Furthermore, differences in responses to each mRNA vaccine formulation were observed in pregnant women. In the case of mRNA-1237, the immune responses were enriched for neutrophil and NK cell-recruiting antibodies. In contrast, in the case of BNT162b2, they were more enriched for less specific IgG1 and FcRϒIIIa-binding antibodies.

Concerning passive immunity, higher SARS-CoV-2 antibodies were observed in maternal sera as compared to cord sera. This reduction in the transfer was most likely due to immunization at a later stage of the pregnancy. Additionally, this reduction in transfer may be due to a lower abundance of FcRϒIIIa-binding antibodies in pregnant women. However, in the case of lactating women, higher antibodies with greater functional and FcR-binding qualities were observed after vaccination.

Influence of fetal sex on maternal immunity in COVID-19 infection

The other study involved the investigation of the antibody and antiviral interferon responses in COVID-19 infected and uninfected pregnant women and whether the sex of the fetus had an impact on these responses. To determine the effect of fetal sex on the antibody response, the anti-SARS-CoV-2 antibody titers were quantified along with functions and specificities in maternal and cord blood sera of pregnancies with female and male fetuses.

The results indicated that mothers carrying male fetuses had lower titers of IgG antibodies for all SARS-CoV-2 specific antigens. This suggests that the fetal sex affects the maternal antibody responses. Furthermore, the transfer ratio of SARS-CoV-2 antibodies was lower in cord blood for male pregnancies as compared to female pregnancies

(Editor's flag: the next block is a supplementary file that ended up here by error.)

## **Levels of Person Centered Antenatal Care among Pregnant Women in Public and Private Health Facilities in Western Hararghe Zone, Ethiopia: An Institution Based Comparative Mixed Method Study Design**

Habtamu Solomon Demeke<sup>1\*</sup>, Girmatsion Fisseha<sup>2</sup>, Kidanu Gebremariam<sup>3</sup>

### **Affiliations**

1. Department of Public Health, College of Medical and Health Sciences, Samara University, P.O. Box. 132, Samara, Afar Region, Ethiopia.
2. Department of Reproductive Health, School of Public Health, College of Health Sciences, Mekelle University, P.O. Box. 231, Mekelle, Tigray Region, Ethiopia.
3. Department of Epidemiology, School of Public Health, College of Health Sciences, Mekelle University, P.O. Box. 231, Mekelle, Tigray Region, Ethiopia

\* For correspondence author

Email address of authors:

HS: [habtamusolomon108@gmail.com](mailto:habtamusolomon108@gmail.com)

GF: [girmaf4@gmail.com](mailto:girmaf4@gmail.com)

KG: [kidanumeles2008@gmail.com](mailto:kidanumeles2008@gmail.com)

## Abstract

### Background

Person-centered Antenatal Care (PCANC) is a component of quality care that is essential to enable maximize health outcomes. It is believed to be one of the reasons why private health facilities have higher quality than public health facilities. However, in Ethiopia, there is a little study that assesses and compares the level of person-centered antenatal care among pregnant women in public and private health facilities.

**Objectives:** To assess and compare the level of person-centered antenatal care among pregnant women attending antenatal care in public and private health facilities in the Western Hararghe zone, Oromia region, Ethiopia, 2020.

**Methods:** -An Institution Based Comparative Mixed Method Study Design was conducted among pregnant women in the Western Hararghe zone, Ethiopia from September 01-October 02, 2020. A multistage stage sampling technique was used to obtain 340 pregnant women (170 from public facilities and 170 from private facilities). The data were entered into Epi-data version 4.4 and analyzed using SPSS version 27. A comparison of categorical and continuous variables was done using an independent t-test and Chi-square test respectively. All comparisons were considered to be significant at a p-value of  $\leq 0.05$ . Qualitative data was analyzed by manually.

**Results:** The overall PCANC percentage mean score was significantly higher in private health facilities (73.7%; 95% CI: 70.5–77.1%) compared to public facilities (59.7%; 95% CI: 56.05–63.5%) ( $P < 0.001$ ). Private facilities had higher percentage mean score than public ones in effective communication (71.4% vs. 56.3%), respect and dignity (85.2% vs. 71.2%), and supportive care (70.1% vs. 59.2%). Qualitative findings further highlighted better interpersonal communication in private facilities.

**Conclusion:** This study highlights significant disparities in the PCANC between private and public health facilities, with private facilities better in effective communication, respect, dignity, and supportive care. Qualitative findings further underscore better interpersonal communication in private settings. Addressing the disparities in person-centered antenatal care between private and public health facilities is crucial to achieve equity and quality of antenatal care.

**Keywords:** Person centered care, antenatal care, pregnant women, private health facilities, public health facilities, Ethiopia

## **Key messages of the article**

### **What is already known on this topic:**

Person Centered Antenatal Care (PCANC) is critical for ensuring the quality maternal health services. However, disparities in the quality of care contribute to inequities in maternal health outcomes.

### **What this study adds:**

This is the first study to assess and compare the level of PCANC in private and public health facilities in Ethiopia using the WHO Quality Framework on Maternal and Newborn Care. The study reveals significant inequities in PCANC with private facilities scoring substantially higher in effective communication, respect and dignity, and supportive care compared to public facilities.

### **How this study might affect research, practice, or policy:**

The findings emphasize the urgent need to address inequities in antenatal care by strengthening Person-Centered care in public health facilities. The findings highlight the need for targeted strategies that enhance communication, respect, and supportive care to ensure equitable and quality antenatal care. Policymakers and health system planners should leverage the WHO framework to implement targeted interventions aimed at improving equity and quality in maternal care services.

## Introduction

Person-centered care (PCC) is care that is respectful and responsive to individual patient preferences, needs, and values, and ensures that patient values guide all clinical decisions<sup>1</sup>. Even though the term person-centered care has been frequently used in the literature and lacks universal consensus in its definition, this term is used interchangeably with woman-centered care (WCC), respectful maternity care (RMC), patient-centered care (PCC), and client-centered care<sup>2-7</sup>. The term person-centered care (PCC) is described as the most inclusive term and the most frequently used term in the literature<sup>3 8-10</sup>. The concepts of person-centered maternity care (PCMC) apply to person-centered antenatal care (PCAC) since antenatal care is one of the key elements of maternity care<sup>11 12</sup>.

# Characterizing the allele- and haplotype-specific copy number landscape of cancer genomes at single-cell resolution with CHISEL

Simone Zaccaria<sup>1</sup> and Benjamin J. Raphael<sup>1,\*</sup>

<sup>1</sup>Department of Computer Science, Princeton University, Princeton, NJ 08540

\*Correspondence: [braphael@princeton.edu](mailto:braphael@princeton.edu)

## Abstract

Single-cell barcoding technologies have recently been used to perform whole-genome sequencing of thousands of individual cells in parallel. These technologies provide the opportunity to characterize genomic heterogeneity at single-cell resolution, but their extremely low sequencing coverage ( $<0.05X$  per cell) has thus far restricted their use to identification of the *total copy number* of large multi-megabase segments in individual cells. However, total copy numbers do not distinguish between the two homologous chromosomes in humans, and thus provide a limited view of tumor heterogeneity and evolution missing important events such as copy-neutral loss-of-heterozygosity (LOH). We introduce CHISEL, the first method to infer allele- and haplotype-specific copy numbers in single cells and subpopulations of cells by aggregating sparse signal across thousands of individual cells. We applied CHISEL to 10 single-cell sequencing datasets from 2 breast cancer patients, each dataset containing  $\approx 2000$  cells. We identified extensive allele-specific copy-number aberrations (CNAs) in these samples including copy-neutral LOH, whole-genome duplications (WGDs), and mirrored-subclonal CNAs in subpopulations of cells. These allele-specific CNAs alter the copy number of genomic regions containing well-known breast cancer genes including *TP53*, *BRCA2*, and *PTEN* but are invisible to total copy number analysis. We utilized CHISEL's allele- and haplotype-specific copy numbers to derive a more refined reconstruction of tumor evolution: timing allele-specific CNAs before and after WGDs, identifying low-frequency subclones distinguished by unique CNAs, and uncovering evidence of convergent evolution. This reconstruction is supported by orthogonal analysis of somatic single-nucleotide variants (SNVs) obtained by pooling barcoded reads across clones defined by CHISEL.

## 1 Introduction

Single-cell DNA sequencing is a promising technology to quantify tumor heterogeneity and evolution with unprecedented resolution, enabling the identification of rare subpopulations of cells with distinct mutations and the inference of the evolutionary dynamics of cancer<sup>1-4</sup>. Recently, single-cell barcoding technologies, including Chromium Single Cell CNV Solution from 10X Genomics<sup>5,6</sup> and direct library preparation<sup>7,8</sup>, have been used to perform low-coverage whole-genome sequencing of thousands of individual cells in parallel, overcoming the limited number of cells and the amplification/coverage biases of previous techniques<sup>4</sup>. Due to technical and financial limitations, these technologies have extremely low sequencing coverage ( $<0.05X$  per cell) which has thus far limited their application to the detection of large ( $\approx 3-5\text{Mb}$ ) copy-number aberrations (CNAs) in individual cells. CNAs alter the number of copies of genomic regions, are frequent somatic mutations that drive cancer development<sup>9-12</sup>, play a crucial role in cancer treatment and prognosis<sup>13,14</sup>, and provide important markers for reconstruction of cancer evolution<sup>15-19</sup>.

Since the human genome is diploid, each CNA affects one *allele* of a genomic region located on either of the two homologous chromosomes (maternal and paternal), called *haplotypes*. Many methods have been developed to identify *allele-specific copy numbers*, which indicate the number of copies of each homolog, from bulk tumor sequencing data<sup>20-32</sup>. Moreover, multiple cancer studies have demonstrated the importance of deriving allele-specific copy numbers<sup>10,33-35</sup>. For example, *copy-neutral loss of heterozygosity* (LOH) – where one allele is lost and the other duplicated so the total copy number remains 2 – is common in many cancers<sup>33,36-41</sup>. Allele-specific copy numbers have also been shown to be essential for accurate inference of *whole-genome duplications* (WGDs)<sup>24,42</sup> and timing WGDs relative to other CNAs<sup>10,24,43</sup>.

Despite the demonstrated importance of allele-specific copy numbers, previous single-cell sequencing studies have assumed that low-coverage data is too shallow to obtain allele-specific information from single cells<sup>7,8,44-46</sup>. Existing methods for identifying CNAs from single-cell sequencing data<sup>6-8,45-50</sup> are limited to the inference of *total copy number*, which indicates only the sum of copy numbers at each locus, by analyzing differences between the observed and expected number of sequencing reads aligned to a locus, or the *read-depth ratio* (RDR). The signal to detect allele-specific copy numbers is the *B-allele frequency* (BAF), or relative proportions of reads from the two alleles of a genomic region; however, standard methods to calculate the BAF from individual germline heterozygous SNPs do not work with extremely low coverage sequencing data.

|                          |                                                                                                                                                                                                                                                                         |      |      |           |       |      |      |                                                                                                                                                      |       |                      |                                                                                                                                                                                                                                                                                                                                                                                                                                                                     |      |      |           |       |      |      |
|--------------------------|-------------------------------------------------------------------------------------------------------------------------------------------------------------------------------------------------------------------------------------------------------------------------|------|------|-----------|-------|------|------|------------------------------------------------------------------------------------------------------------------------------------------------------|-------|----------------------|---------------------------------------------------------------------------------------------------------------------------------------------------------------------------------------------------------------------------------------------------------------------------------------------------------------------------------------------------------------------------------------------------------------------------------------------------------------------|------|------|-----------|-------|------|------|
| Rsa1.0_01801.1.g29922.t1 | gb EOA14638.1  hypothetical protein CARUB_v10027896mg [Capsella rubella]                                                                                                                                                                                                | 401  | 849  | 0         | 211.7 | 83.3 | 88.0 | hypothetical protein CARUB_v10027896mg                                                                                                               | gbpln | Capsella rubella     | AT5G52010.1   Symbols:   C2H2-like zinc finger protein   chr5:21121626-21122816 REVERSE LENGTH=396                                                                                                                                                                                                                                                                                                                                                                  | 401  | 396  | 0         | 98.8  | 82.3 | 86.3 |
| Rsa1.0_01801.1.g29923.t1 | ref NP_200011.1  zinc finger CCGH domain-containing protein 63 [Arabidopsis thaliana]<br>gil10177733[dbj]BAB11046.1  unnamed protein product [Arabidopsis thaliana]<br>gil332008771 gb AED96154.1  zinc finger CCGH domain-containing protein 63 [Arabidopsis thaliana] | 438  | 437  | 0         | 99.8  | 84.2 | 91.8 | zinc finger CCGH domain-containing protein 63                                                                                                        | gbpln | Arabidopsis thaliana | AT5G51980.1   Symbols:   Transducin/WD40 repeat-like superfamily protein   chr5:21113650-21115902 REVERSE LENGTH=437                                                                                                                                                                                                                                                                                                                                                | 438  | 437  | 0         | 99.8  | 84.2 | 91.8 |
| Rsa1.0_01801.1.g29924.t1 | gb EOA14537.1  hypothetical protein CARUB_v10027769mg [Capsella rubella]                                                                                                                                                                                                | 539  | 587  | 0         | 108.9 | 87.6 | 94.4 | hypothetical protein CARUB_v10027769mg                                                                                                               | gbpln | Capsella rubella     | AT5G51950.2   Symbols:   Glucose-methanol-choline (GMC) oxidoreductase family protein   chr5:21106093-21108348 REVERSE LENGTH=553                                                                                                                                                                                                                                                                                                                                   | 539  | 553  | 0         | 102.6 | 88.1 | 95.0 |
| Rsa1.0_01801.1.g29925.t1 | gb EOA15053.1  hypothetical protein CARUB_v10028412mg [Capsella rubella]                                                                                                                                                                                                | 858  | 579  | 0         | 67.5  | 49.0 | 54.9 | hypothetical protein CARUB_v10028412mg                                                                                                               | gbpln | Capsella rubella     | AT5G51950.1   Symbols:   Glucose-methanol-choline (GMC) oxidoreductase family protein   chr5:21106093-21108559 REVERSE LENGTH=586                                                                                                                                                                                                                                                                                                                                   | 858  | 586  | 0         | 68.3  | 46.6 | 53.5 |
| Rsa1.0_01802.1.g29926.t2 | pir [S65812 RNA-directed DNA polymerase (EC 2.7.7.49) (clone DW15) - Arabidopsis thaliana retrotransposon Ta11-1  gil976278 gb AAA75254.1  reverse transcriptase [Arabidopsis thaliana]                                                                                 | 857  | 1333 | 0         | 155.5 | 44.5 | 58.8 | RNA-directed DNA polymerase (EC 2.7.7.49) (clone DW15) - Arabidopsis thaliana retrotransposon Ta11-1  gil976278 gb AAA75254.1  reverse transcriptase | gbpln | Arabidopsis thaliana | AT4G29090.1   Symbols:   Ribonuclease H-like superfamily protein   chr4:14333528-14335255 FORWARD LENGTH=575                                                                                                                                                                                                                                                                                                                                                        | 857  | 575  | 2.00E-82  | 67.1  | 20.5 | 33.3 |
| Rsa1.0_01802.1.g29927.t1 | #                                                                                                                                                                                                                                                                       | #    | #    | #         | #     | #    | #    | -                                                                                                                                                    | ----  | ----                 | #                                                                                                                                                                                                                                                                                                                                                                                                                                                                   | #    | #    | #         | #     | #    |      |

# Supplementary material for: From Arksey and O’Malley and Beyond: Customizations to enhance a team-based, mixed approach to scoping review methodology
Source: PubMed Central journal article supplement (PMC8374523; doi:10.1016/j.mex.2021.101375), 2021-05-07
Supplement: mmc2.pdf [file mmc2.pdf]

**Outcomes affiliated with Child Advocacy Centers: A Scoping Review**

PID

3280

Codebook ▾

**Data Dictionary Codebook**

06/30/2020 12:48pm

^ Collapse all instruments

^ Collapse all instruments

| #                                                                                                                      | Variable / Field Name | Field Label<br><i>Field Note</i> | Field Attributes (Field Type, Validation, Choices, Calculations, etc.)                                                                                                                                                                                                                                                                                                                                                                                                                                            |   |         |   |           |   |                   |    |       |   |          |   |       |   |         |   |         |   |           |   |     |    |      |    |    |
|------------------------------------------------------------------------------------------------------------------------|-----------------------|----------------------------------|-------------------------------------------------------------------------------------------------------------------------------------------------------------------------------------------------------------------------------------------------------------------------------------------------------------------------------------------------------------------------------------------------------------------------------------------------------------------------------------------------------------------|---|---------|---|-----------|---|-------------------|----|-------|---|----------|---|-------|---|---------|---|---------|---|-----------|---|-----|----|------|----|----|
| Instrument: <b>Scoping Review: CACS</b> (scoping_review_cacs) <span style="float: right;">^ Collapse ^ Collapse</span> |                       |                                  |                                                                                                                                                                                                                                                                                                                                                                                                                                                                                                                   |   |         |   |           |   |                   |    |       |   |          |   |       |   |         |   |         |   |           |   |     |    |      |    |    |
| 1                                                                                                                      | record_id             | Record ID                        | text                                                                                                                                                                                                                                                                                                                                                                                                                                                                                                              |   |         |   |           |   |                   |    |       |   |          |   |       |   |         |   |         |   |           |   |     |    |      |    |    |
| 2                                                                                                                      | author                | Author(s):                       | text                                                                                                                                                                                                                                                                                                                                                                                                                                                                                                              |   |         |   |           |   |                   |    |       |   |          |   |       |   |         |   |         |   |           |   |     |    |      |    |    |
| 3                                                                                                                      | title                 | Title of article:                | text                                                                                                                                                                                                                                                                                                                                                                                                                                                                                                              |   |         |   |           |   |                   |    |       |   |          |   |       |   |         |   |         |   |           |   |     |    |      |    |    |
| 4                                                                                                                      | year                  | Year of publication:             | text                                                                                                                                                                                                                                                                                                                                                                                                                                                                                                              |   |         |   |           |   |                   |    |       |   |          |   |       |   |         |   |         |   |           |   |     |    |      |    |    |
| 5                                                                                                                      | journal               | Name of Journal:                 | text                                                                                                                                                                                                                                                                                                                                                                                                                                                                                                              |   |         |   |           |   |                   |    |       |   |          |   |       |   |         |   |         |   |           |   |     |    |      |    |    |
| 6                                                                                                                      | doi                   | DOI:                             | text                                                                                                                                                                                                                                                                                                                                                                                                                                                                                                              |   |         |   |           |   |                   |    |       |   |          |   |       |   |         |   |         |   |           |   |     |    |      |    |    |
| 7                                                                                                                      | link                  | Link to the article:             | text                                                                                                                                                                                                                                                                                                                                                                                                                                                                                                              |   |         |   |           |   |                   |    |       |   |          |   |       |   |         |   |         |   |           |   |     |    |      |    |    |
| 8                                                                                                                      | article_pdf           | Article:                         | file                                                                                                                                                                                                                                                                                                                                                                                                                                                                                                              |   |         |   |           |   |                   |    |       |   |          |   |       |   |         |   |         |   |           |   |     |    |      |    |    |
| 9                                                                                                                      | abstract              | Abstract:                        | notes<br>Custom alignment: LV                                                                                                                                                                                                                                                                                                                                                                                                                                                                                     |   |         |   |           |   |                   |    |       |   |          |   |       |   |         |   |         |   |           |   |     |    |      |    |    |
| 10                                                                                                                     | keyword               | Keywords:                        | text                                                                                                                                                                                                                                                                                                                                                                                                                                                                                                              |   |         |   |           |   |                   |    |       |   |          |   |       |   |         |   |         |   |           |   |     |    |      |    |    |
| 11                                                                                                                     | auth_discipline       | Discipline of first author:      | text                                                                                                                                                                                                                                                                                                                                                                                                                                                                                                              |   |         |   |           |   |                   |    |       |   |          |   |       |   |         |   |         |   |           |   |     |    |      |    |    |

Additionally, placental staining and genome analyses were done to determine whether sex-specific differences in placental FcR expression existed. The results indicated an increased expression of FcRn, FcRϒII, and FcϒRIII, as well as increased co-localization of FcRn and FcRϒIII in the case of the male-derived placenta. Glycan profiling revealed that in the case of male pregnancies, higher titers of antibodies were modified by glycosylation and fucosylation. Fucosylated antibodies are less efficiently transferred by the FcRϒIIIa-binding that explains the lower IgG transfer in the case of male pregnancies.


The studies discussed were quite effective in determining the antibody responses of pregnant women infected with SARS-CoV-2 and the effect of the fetal sex on these responses. Furthermore, there are direct clinical implications for COVID-19 infection as well as future maternal-fetal vaccination strategies. The studies also emphasized the incorporation of pregnant women at different stages of gestation in the clinical trials for the development of vaccines.

Journal reference:
Suchandrima Bhowmik

Written by

Suchandrima Bhowmik

Suchandrima has a Bachelor of Science (B.Sc.) degree in Microbiology and a Master of Science (M.Sc.) degree in Microbiology from the University of Calcutta, India. The study of health and diseases was always very important to her. In addition to Microbiology, she also gained extensive knowledge in Biochemistry, Immunology, Medical Microbiology, Metabolism, and Biotechnology as part of her master's degree.